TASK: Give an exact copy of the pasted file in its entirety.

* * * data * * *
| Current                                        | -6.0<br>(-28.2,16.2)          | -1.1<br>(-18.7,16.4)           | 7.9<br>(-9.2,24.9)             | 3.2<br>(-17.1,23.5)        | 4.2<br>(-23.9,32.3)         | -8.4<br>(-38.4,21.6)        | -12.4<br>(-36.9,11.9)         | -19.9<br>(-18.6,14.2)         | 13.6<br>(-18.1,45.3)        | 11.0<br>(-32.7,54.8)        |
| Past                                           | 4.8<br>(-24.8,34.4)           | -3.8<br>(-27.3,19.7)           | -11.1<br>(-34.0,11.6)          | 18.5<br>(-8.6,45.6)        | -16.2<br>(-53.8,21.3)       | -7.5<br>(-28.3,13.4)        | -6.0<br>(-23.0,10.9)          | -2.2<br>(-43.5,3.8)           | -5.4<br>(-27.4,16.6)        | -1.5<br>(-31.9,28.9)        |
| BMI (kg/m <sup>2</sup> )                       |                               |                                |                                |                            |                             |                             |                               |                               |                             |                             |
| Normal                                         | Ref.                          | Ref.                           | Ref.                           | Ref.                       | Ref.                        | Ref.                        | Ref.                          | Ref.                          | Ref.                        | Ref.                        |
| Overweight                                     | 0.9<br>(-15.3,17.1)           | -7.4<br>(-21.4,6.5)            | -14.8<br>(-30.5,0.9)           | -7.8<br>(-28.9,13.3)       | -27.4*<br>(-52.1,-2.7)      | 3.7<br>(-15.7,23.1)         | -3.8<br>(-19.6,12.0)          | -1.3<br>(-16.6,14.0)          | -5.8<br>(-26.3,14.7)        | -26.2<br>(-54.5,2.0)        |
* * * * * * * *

| Current                                        | -6.0<br>(-28.2,16.2)          | -1.1<br>(-18.7,16.4)           | 7.9<br>(-9.2,24.9)             | 3.2<br>(-17.1,23.5)        | 4.2<br>(-23.9,32.3)         | -8.4<br>(-38.4,21.6)        | -12.4<br>(-36.9,11.9)         | -19.9<br>(-18.6,14.2)         | 13.6<br>(-18.1,45.3)        | 11.0<br>(-32.7,54.8)        |
| Past                                           | 4.8<br>(-24.8,34.4)           | -3.8<br>(-27.3,19.7)           | -11.1<br>(-34.0,11.6)          | 18.5<br>(-8.6,45.6)        | -16.2<br>(-53.8,21.3)       | -7.5<br>(-28.3,13.4)        | -6.0<br>(-23.0,10.9)          | -2.2<br>(-43.5,3.8)           | -5.4<br>(-27.4,16.6)        | -1.5<br>(-31.9,28.9)        |
| BMI (kg/m <sup>2</sup> )                       |                               |                                |                                |                            |                             |                             |                               |                               |                             |                             |
| Normal                                         | Ref.                          | Ref.                           | Ref.                           | Ref.                       | Ref.                        | Ref.                        | Ref.                          | Ref.                          | Ref.                        | Ref.                        |
| Overweight                                     | 0.9<br>(-15.3,17.1)           | -7.4<br>(-21.4,6.5)            | -14.8<br>(-30.5,0.9)           | -7.8<br>(-28.9,13.3)       | -27.4*<br>(-52.1,-2.7)      | 3.7<br>(-15.7,23.1)         | -3.8<br>(-19.6,12.0)          | -1.3<br>(-16.6,14.0)          | -5.8<br>(-26.3,14.7)        | -26.2<br>(-54.5,2.0)        |